Recent research has brought about a clear understanding that successful fracture healing is based on carefully coordinated cross-talk between inflammatory and bone forming cells. In particular, the key role that macrophages play in the recruitment and regulation of the differentiation of mesenchymal stem cells (MSCs) during bone regeneration has been brought to focus. Indeed, animal studies have comprehensively demonstrated that fractures do not heal without the direct involvement of macrophages. Yet the exact mechanisms by which macrophages contribute to bone regeneration remain to be elucidated. Macrophage-derived paracrine signaling molecules such as Oncostatin M, Prostaglandin E2 (PGE2), and Bone Morphogenetic Protein-2 (BMP2) have been shown to play critical roles; however the relative importance of inflammatory (M1) and tissue regenerative (M2) macrophages in guiding MSC differentiation along the osteogenic pathway remains poorly understood. In this review, we summarize the current understanding of the interaction of macrophages and MSCs during bone regeneration, with the emphasis on the role of macrophages in regulating bone formation. The potential implications of aging to this cellular cross-talk are reviewed. Emerging treatment options to improve facture healing by utilizing or targeting MSC-macrophage crosstalk are also discussed.
View details for DOI 10.1016/j.biomaterials.2017.12.025
View details for PubMedID 29329642
- Preconditioning of murine mesenchymal stem cells synergistically enhanced immunomodulation and osteogenesis STEM CELL RESEARCH & THERAPY 2017; 8
Inflammation, ageing, and bone regeneration
JOURNAL OF ORTHOPAEDIC TRANSLATION
2017; 10: 28–35
Bone healing involves complex biological pathways and interactions among various cell types and microenvironments. Among them, the monocyte-macrophage-osteoclast line-age and the mesenchymal stem cell-osteoblast lineage are critical, in addition to an initial inflammatory microenvironment. These cellular interactions induce the necessary inflammatory milieu and provide the cells for bone regeneration and immune modulation. Increasing age is accompanied with a rise in the basal state of inflammation, potentially impairing osteogenesis.Translational research has shown multiple interactions between inflammation, ageing, and bone regeneration. This review presents recent, relevant considerations regarding the effects of inflammation and ageing on bone healing.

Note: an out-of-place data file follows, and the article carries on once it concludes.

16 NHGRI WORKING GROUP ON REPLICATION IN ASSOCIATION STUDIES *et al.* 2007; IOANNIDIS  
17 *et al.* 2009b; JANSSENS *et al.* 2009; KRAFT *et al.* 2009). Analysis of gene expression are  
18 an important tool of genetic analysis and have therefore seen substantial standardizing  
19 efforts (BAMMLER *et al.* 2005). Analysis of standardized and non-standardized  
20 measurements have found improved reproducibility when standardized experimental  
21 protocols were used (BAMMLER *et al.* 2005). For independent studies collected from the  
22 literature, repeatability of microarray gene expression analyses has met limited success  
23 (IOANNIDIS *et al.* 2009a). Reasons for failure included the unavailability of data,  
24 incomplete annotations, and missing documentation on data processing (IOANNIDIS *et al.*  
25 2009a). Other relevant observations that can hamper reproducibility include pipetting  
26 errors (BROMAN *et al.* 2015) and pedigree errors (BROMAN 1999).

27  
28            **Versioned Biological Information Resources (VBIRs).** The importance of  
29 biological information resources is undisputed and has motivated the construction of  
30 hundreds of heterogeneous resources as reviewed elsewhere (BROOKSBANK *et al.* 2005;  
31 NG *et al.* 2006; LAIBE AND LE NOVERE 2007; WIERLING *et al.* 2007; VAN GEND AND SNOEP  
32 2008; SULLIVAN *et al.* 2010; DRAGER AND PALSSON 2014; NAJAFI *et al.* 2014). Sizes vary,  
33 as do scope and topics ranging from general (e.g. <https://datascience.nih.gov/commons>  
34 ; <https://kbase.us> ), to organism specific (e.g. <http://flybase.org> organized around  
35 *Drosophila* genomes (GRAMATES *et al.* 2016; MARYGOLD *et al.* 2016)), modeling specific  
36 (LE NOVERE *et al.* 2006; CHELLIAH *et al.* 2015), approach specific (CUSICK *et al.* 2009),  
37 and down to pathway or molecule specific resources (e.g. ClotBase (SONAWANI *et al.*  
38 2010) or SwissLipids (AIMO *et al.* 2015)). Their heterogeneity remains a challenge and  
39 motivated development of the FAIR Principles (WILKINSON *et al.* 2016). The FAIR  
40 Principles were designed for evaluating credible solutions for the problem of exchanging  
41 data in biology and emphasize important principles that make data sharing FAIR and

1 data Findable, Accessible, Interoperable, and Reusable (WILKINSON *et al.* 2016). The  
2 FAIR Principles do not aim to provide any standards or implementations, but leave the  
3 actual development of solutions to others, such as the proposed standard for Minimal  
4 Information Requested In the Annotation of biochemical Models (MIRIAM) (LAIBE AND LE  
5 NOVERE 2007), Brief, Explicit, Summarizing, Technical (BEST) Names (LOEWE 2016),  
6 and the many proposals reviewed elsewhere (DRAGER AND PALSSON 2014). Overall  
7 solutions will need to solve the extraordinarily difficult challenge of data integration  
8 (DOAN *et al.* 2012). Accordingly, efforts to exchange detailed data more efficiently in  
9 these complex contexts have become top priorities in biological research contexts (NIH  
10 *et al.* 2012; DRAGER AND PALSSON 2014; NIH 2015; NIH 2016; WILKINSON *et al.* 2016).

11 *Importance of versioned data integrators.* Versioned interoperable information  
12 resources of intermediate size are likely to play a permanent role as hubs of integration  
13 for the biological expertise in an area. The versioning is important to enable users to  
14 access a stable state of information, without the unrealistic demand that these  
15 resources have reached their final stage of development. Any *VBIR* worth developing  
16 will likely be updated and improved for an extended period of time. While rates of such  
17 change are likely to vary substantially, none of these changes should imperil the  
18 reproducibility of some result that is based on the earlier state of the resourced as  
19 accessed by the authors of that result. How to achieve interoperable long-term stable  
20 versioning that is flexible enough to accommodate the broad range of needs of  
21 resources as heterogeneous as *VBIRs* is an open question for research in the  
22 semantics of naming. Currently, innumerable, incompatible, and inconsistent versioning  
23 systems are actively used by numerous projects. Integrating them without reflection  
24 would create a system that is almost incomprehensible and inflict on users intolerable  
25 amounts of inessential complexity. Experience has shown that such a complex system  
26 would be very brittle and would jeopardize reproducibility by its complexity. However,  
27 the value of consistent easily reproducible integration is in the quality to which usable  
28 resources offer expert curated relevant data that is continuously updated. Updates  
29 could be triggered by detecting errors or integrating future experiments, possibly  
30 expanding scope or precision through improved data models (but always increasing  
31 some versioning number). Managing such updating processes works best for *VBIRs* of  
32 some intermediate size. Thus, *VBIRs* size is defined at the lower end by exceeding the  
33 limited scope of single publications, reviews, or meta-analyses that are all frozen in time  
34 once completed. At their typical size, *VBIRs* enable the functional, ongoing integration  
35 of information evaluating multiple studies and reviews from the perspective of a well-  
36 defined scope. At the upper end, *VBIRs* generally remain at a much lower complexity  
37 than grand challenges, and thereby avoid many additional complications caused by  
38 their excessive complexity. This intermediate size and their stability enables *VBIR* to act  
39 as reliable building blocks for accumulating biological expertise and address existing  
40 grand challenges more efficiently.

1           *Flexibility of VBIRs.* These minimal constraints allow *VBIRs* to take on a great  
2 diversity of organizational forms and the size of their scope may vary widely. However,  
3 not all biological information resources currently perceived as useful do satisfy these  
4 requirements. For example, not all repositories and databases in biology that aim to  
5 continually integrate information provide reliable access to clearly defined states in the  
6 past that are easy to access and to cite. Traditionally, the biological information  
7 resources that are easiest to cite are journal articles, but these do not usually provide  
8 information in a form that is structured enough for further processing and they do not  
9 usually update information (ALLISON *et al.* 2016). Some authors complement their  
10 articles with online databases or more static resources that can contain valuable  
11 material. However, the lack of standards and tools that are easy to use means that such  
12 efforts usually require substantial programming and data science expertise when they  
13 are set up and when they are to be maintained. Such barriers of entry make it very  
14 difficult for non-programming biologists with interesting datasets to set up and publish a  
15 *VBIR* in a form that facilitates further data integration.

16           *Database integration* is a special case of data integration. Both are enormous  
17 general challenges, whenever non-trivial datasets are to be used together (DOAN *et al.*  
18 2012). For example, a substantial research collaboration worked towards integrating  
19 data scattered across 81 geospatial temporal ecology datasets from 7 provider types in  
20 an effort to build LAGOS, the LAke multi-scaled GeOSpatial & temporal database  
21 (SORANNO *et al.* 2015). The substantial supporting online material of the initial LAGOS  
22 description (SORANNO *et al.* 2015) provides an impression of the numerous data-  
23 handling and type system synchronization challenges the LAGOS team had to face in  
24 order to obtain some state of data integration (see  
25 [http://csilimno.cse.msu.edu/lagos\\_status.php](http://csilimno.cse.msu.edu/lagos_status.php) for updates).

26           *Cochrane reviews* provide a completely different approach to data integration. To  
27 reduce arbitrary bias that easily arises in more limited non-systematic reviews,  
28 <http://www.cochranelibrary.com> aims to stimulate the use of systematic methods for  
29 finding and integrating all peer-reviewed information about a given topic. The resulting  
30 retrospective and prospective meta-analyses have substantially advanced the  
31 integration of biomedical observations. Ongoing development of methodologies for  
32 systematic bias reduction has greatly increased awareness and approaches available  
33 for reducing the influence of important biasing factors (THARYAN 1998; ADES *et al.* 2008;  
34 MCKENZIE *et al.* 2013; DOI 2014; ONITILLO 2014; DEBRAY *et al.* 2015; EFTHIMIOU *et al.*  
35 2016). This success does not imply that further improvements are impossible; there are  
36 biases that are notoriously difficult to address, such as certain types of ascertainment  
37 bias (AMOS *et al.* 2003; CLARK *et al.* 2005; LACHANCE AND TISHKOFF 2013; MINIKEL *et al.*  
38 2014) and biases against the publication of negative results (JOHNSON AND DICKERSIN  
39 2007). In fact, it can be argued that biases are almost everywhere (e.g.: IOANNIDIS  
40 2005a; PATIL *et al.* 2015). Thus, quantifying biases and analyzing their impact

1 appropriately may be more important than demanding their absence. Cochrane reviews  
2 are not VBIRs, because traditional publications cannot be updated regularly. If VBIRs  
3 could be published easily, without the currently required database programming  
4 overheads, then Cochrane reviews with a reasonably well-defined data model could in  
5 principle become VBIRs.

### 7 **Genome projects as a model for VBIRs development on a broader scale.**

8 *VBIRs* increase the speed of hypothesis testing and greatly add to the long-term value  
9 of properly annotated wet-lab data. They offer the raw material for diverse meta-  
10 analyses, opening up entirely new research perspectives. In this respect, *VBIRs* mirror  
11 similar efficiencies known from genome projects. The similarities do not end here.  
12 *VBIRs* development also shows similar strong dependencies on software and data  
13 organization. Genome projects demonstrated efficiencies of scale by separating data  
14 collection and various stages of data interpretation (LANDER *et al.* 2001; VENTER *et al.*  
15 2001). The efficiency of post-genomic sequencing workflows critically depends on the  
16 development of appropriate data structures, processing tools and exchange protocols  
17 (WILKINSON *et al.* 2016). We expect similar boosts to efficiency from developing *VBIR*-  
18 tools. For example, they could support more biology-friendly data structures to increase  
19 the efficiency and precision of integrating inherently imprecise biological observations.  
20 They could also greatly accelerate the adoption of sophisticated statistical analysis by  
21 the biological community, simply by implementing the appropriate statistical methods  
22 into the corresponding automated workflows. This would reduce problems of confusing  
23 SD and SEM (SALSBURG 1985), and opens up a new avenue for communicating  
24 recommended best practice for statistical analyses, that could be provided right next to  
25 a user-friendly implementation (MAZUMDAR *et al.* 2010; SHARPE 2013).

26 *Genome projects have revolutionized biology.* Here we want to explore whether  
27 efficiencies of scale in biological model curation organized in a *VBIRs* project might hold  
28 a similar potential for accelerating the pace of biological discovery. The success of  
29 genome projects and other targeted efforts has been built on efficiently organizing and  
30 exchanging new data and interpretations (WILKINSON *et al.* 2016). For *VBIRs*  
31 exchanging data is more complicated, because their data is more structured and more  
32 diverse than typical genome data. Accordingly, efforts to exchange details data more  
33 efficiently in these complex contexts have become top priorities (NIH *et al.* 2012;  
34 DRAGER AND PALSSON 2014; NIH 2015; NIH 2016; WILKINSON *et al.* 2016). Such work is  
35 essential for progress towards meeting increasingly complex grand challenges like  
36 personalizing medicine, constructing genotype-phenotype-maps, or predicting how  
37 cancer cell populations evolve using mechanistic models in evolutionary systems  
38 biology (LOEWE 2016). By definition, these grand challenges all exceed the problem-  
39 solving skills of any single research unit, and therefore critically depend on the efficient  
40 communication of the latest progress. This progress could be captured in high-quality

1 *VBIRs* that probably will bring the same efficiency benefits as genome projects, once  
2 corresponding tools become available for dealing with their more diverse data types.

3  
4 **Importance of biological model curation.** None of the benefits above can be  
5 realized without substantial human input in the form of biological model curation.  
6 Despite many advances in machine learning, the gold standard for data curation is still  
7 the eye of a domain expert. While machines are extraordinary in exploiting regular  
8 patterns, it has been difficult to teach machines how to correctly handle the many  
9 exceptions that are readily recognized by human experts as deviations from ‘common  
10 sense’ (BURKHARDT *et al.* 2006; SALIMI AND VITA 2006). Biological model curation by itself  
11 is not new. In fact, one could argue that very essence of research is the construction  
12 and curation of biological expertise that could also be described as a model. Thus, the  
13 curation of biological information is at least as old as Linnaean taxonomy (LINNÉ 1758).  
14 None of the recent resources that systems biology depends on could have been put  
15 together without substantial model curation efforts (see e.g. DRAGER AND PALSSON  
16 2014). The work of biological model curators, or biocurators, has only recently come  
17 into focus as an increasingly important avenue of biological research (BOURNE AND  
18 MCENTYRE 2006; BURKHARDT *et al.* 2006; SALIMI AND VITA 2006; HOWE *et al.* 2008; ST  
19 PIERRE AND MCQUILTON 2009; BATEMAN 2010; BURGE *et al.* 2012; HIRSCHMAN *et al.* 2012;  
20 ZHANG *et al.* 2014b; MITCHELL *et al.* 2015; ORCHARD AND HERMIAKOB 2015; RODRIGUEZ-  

View details for DOI 10.1016/j.jot.2017.04.002
View details for Web of Science ID 000406877300006
View details for PubMedID 29094003
View details for PubMedCentralID PMC5662134
Mesenchymal stem cells in the aseptic loosening of total joint replacements.
Journal of biomedical materials research. Part A
2017; 105 (4): 1195-1207
Peri-prosthetic osteolysis remains as the main long-term complication of total joint replacement surgery. Research over four decades has established implant wear as the main culprit for chronic inflammation in the peri-implant tissues and macrophages as the key cells mediating the host reaction to implant-derived wear particles. Wear debris activated macrophages secrete inflammatory mediators that stimulate bone resorbing osteoclasts; thus bone loss in the peri-implant tissues is increased. However, the balance of bone turnover is not only dictated by osteoclast-mediated bone resorption but also by the formation of new bone by osteoblasts; under physiological conditions these two processes are tightly coupled. Increasing interest has been placed on the effects of wear debris on the cells of the bone-forming lineage. These cells are derived primarily from multipotent mesenchymal stem cells (MSCs) residing in bone marrow and the walls of the microvasculature. Accumulating evidence indicates that wear debris significantly impairs MSC-to-osteoblast differentiation and subsequent bone formation. In this review, we summarize the current understanding of the effects of biomaterial implant wear debris on MSCs. Emerging treatment options to improve initial implant integration and treat developing osteolytic lesions by utilizing or targeting MSCs are also discussed. © 2017 Wiley Periodicals, Inc. J Biomed Mater Res Part A: 105A: 1195-1207, 2017.
View details for DOI 10.1002/jbm.a.35978
View details for PubMedID 27977880
Pro-inflammatory M1 macrophages promote osteogenesis by mesenchymal stem cells via the COX-2-prostaglandin E2 pathway.
Journal of orthopaedic research